While correlations between social determinants and health status are well documented, we do not know much about how and to what extent healthcare personnel affect healthcare inequalities through their distribution of health care. Empirical research shows, however, that SES also correlates with the use of health services: the higher the SES, the more specialised the health services.4–7 The higher the SES, the more time spent with the patient.8 Moreover, SES seems to have an effect on physicians' perception of the patient.9 In addition, SES influences doctor–patient communication.10 Although we cannot conclude how this affects the care that patients receive, these findings point towards the possibility that health inequalities are reinforced by the service doctors provide. This effect can be distinguished from other sources to inequalities—such as unequal access, availability of care, or unequal quality of care. Furthermore, it is documented that doctors disagree on the definition of low SES and the role of SES in clinical decision-making,11 and they have different attitudes towards their role as healthcare distributors when facing socioeconomically disadvantaged patients.12 Against this backdrop of empirical findings, the need to discuss and clarify doctors' potential roles in maintaining, reinforcing, or reducing health inequity emerges.
Samia Hurst13 addresses the matter by asking, ‘How is fairness in medicine best served, by remaining neutral to patients’ social status in setting clinical priorities or by attempting to equalise unjust health inequalities by giving priority to the socially disadvantaged at the point of care'. Hurst's focus for discussion is a situation in which two patients need access to the same indivisible good. The question is whether a patient of low SES should be given priority in order to compensate for the socioeconomic disadvantage. Her main argument is that ‘[t]o justify giving priority to low status, we must give priority to equal health over equal regard’. She concludes that ‘we protect both equal health and equal regard by treating all alike according to need…’. She thus takes ‘need’ or, more precisely, ‘medical need’ as the proper criteria for priority setting and excludes, at least circumstantially, the idea that SES should be a criterion in deciding such matters.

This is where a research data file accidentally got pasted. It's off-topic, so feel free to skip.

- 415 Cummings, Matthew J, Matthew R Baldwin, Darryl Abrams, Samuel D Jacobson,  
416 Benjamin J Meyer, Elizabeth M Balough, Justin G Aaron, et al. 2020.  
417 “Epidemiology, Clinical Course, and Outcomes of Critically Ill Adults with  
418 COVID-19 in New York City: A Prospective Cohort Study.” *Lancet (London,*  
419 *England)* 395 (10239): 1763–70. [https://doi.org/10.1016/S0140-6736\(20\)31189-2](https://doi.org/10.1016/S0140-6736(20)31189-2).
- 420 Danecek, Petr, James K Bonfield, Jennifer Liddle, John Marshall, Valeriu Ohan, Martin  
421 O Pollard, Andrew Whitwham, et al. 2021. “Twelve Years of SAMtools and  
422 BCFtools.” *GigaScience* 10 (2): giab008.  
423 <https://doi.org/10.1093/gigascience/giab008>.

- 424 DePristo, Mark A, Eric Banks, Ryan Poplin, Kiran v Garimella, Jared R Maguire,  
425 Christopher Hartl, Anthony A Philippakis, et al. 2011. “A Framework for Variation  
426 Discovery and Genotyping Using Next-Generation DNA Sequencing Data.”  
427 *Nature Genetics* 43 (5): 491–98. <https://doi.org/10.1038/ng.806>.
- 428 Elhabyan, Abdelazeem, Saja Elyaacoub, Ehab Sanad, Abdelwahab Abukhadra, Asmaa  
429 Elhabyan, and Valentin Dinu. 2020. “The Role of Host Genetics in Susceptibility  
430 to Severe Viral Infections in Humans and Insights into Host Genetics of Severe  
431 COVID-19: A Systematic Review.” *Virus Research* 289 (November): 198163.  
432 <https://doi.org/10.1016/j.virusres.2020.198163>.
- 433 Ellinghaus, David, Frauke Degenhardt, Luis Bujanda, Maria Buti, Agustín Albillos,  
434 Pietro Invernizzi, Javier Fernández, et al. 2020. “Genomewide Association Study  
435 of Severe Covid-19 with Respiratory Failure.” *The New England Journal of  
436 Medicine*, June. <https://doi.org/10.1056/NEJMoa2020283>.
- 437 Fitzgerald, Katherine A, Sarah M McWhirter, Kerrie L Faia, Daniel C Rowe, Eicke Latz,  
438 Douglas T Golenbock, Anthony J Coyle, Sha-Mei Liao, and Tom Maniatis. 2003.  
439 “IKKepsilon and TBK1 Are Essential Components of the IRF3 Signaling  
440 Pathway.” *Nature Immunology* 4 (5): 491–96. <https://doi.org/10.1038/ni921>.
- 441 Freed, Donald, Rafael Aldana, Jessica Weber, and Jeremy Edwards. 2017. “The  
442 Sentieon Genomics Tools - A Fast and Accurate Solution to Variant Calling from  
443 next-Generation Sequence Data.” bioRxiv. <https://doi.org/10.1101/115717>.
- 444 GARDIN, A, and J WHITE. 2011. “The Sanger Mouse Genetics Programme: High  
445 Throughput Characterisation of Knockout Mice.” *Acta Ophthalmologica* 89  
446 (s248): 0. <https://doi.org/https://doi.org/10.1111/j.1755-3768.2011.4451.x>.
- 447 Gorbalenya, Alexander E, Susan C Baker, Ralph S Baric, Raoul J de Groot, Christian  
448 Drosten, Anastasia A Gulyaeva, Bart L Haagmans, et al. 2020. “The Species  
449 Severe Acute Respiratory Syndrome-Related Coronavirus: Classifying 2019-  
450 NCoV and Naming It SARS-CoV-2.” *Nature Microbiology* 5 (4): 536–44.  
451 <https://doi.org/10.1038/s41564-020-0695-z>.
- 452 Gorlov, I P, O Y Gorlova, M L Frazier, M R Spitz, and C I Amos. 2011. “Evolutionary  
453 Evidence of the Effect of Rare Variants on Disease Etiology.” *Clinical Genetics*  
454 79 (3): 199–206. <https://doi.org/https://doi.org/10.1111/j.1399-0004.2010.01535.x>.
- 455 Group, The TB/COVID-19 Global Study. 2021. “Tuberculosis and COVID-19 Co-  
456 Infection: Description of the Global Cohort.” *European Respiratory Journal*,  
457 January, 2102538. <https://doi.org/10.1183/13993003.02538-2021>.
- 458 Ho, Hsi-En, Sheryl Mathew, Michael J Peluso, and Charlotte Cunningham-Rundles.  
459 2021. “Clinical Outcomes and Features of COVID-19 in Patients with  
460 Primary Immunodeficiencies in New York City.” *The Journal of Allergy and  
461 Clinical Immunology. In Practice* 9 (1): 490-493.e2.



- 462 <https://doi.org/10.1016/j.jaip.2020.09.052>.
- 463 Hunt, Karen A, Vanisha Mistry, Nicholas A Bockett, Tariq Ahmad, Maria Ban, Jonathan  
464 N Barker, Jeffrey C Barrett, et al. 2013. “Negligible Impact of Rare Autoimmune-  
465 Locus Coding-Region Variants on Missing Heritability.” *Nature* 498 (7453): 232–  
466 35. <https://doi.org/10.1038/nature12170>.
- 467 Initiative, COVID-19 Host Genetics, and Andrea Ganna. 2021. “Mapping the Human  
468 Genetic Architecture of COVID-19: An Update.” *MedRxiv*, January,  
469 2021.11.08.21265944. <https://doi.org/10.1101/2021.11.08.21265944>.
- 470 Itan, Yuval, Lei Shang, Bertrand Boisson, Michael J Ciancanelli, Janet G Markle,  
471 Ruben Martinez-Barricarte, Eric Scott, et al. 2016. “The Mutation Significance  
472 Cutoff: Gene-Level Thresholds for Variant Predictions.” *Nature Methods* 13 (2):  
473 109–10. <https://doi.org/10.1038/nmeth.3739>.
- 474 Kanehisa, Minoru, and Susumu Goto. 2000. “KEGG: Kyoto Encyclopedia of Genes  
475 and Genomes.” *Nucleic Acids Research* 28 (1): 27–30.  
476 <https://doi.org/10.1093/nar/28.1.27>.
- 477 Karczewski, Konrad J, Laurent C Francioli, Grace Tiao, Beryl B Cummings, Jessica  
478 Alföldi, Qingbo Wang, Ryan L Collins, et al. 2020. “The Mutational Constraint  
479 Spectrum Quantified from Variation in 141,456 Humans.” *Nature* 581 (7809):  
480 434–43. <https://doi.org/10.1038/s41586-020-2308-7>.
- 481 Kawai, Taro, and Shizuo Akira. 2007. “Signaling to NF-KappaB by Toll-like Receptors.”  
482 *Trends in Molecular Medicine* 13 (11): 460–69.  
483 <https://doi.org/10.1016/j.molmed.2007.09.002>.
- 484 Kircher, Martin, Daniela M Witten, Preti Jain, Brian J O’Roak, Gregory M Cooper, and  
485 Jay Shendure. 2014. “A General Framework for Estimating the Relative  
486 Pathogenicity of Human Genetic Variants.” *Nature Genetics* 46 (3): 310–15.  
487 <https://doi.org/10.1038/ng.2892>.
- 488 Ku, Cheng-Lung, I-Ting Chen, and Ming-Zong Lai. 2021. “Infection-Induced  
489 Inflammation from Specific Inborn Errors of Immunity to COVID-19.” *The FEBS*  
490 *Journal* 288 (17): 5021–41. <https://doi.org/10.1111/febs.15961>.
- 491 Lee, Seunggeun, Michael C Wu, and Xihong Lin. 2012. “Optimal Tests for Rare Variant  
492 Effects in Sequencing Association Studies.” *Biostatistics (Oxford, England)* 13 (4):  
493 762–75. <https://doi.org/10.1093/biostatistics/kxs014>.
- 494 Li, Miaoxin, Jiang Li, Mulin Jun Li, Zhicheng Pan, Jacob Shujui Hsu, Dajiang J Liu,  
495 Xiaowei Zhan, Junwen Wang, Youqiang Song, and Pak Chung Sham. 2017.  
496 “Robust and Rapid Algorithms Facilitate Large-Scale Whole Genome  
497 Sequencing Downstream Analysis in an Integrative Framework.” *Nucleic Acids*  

Hurst's conclusion coincides with the concept she calls ‘ordinary medical fairness’, interpreted as a claim on neutrality with regard to patients' SES. This entrenched view on fairness is found in the Geneva Declaration and is accepted by the World Medical Association as a requirement to prevent irrelevant characteristics such as ‘…age, disease or disability, creed, ethnic origin, gender, nationality, political affiliation, race, sexual orientation, social standing or any other factor’ from intervening between doctors' duty and their patients.14
Norman Daniels3 agrees that doctors should not base clinical priority settings on social worth. He argues that they are likely to do less harm if they address healthcare needs as encountered without filtering through concerns for social justice. However, he also states that he would not oppose affirmative action on the basis of class in certain contexts of non-ideal circumstances, just as he accepts affirmative actions on the basis of race and gender in certain contexts. Daniels3 states, however, that it is a challenge to distinguish acceptable affirmative actions on the basis of class from non-acceptable clinical priority settings based on social worth judgements.